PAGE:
Welcome non-Duke MIDS Students!

In designing this course, I’ve endeavored to make all the materials and resources accessible to students anywhere. However, the materials in this course are tailored to meet the needs of incoming Duke Masters in Data Science (MIDS) students, and so if you are not an incoming Duke MIDS student, there are a couple things you should know about how the course has been designed.

In short:

  • This course assumes a familiarity with (regular) Python. Guidance for those new to Python below.

  • MIDS students have also seen the two Python data science packages we’ll use a lot in this course: numpy, and pandas. As a result, this course is not optimally designed for those who have no exposure to these tools. A person who knows Python but has never seen numpy and pandas can still learn all they need from the materials in this course, but for reasons discussed below, it may be harder than is really necessary. Guidance for students in this position below.

  • No experience or past exposure is assumed for topic areas other than numpy and pandas.

How python, numpy and pandas are taught

Over the summer before they arrive, Duke MIDS students are asked to complete some summer coursework to prepare them for their first year. Part of that training is completing a a set of DataCamp tutorials on Data Science in Python, which introduce the basics of using Python for data science (namely, it introduces python, numpy, and pandas). In addition, they get some additional training in (regular) Python the week they arrive on campus.

As a result, the material on numpy and pandas in this course is written assuming that students have completed those DataCamp courses (the specific classes are provided below). Now to be clear, one need not have taken those courses to be able to suceed in this class: the readings we do on numpy and pandas essentially explain those libraries from the ground up. The only thing that this course definitely will not teach is the basics of Python, so you should think of that as an actual pre-requisite (more on resources for learning Python below).

But in teaching, an important concept is the difference between “the logic of a subject” and the “logic of learning”. Subjects often have their own logic, which (once understood) seem to flow from basic ideas (e.g. what is the most basic way to represent data) and then build up to fancy concepts (how to merge datasets and fit models). The problem is that teaching a course by following this “logic of the subject” turns out not to be the best way to help people learn. Instead, it’s often useful to start from the middle (doing basic data manipulations) so students see the goal of the tools they are learning about before they double back and enrich their understanding by learning about the deep internal logic of a tool.

The DataCamp courses that MIDS students completed was a “start from the middle” introduction, and so in this course we’re not doubling back and teaching the logic of these libraries from the bottom up. That means we will cover everything on needs to know about these libraries, but we may not be doing it in the most efficient way for newcomers.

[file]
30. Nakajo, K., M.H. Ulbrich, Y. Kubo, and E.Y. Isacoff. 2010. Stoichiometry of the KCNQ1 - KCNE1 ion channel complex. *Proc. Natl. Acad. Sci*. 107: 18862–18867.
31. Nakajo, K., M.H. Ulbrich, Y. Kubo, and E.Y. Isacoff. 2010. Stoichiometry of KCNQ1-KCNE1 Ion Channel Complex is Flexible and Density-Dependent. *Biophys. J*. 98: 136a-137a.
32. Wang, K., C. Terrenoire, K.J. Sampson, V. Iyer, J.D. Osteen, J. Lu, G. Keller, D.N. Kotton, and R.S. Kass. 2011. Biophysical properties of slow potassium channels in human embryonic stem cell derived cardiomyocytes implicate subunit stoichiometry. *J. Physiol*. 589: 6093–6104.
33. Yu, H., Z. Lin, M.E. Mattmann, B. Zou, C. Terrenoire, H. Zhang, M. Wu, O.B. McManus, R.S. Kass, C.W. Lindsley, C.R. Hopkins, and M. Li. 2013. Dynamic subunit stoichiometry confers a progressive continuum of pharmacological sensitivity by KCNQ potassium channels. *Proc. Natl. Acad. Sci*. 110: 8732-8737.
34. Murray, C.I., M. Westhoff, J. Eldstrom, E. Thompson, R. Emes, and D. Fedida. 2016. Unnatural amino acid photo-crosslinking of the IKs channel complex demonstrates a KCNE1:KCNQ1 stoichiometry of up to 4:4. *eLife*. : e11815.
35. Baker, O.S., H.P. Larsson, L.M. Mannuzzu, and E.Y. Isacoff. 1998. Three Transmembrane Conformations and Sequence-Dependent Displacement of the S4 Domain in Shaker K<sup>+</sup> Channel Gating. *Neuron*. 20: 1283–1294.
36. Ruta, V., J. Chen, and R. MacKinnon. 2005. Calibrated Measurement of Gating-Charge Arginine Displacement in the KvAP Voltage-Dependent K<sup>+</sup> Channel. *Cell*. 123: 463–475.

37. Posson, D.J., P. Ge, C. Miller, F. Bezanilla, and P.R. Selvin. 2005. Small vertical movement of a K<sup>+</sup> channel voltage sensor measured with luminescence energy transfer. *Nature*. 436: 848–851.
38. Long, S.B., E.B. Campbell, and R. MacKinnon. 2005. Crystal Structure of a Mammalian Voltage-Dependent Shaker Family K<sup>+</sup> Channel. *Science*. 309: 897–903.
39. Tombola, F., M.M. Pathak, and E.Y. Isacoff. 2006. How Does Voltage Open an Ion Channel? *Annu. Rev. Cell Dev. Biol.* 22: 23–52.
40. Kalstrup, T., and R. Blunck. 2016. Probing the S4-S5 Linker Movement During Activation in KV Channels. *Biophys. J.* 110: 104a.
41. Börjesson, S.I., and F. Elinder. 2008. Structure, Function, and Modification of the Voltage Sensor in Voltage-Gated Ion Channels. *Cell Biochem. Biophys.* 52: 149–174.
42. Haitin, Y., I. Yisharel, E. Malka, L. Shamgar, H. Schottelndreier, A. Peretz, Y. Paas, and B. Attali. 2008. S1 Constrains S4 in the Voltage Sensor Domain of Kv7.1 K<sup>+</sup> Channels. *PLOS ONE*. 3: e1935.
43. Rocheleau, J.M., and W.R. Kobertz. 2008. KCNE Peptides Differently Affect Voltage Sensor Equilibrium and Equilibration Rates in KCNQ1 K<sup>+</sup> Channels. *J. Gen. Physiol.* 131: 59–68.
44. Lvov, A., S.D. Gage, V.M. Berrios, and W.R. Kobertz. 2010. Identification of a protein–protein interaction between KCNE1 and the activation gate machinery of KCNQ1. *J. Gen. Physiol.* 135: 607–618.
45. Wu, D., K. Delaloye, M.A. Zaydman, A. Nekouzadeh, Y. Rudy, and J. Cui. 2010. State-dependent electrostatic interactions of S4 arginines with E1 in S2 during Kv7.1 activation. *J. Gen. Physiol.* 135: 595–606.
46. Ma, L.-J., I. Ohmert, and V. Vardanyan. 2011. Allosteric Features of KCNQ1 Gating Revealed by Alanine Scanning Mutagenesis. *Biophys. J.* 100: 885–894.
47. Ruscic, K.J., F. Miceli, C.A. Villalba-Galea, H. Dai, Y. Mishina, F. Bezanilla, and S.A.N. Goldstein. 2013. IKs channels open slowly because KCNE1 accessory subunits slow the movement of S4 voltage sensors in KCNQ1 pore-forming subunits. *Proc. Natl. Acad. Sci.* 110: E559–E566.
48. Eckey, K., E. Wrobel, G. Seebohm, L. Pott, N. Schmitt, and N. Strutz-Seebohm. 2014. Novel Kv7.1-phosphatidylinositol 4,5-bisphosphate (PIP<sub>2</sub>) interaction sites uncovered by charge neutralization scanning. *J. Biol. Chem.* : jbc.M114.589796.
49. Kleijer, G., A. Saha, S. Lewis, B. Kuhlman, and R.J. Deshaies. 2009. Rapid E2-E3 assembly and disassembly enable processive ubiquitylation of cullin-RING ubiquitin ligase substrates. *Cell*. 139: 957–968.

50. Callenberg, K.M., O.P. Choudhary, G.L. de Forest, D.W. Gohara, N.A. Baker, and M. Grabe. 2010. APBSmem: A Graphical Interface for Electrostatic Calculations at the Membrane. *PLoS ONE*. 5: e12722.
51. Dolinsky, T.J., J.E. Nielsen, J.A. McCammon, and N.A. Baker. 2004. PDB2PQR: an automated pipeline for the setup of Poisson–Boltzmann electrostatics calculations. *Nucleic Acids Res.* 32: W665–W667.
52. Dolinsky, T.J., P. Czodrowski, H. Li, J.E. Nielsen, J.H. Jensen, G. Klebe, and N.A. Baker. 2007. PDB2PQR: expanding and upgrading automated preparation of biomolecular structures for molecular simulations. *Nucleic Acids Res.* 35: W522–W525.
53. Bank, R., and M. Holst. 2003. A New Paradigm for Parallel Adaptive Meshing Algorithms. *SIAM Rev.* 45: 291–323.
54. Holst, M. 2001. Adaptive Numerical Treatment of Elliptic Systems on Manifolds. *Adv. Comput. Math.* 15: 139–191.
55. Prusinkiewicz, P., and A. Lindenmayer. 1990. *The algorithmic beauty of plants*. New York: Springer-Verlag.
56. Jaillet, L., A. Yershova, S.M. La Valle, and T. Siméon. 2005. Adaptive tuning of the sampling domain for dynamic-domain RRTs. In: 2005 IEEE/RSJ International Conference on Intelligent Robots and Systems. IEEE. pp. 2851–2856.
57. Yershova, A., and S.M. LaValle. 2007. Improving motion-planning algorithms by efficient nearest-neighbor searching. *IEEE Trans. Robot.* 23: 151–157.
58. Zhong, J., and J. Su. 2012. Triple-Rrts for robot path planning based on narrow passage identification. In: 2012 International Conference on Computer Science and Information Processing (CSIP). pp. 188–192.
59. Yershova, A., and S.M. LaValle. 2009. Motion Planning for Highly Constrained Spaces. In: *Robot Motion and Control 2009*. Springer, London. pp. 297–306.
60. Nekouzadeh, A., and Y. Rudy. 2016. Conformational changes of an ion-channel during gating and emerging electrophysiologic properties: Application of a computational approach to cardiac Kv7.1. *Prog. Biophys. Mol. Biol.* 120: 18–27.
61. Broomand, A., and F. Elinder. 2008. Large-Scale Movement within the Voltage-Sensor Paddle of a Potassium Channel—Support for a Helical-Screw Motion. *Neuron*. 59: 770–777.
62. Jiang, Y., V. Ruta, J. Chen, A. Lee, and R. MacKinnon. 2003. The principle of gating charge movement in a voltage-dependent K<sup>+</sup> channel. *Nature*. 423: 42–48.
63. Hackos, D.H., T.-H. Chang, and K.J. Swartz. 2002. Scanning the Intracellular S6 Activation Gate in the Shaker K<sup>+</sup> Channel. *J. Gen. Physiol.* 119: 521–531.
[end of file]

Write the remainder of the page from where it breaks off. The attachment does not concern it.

If you’ve never seen numpy or pandas before

So: if you have never worked with numpy or pandas, before you work through this course, I would strongly recommend that (if you can afford it), you do what we asked the MIDS student to do: go complete the following excellent DataCamp courses:

DataCamp’s courses are really well designed, and crucially their entirely interactive (and research shows that active learning is the best way to learn). They’re a tremendous resource, and you should definitely start there if you can affort their service ($30 a month in the US).

If you’ve never used python before

The DataCamp courses listed above include a good introduction to Python, so that is definitely where I would start. I think that the Python covered in those courses will be sufficient to support you in the course. However, I will confess that because MIDS students also take a little Python bootcamp when they arrive, it’s hard for me to know if that’s quite sufficient… If you take those courses then try to complete the materials in this course, please let me know how it goes either by email or by openning an issue on this site’s github repo!)

How other topics are taught

While some knowledge is assumed for python, numpy and pandas, no knowledge is assumed in other areas. As a result, all the other resources on this site should be totally accessible to all readers (and if they’re not, then please let me know by openning an issue on this site’s github repo!).

Do the exercises!

This course is taught (for in-person students) as a flipped classroom: students are required to read instructional materials at home before class, then students spend class time is spent doing exercises in pairs.

For non-Duke students looking to use this website to develop their data science skills, there are two consequences of this organization:

  • Duke students are using the exact same instructional materials you are. You aren’t missing lecture materials.

  • Duke students are being required to do the exercises associated with each topic, and they are integral to the course in two ways. First, there are lessons that come up in the exercises that aren’t covered (or aren’t covered as well as I’d like) in instructional materials. If you don’t do the exercises, you will miss important take-aways. And second, programming is a skilled learned by doing. Requiring students to do the exercises in class is a way of making sure that they get appropriate attention. There’s no way to make them “mandatory” online, but I hope you will take to heart my strong encouragement that you complete the exercises that follow each lesson if you want to get the most out of this site.